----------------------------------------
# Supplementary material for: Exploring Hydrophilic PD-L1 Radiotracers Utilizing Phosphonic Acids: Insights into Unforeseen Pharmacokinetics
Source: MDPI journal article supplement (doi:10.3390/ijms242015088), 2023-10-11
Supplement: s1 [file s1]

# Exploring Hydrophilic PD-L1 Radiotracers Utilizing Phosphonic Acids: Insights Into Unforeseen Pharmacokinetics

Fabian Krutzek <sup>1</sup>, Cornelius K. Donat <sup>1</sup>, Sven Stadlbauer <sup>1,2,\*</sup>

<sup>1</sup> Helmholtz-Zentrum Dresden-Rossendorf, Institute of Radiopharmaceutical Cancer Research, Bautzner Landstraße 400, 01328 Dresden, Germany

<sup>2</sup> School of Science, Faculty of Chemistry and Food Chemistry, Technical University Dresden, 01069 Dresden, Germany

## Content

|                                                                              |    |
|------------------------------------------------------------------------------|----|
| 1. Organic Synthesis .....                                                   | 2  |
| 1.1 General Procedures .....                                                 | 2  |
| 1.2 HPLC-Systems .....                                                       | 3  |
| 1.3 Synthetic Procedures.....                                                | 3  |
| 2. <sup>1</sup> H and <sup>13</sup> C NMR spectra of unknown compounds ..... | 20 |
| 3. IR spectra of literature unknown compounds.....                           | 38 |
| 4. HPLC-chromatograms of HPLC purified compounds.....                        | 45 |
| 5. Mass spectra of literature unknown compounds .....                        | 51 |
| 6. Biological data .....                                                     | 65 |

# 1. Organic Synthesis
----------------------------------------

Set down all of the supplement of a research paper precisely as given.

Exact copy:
# Supplementary material for: Exploring Hydrophilic PD-L1 Radiotracers Utilizing Phosphonic Acids: Insights into Unforeseen Pharmacokinetics
Source: MDPI journal article supplement (doi:10.3390/ijms242015088), 2023-10-11
Supplement: s1 [file s1]

# Exploring Hydrophilic PD-L1 Radiotracers Utilizing Phosphonic Acids: Insights Into Unforeseen Pharmacokinetics

Fabian Krutzek <sup>1</sup>, Cornelius K. Donat <sup>1</sup>, Sven Stadlbauer <sup>1,2,\*</sup>

<sup>1</sup> Helmholtz-Zentrum Dresden-Rossendorf, Institute of Radiopharmaceutical Cancer Research, Bautzner Landstraße 400, 01328 Dresden, Germany

<sup>2</sup> School of Science, Faculty of Chemistry and Food Chemistry, Technical University Dresden, 01069 Dresden, Germany

## Content

|                                                                              |    |
|------------------------------------------------------------------------------|----|
| 1. Organic Synthesis .....                                                   | 2  |
| 1.1 General Procedures .....                                                 | 2  |
| 1.2 HPLC-Systems .....                                                       | 3  |
| 1.3 Synthetic Procedures.....                                                | 3  |
| 2. <sup>1</sup> H and <sup>13</sup> C NMR spectra of unknown compounds ..... | 20 |
| 3. IR spectra of literature unknown compounds.....                           | 38 |
| 4. HPLC-chromatograms of HPLC purified compounds.....                        | 45 |
| 5. Mass spectra of literature unknown compounds .....                        | 51 |
| 6. Biological data .....                                                     | 65 |

# 1. Organic Synthesis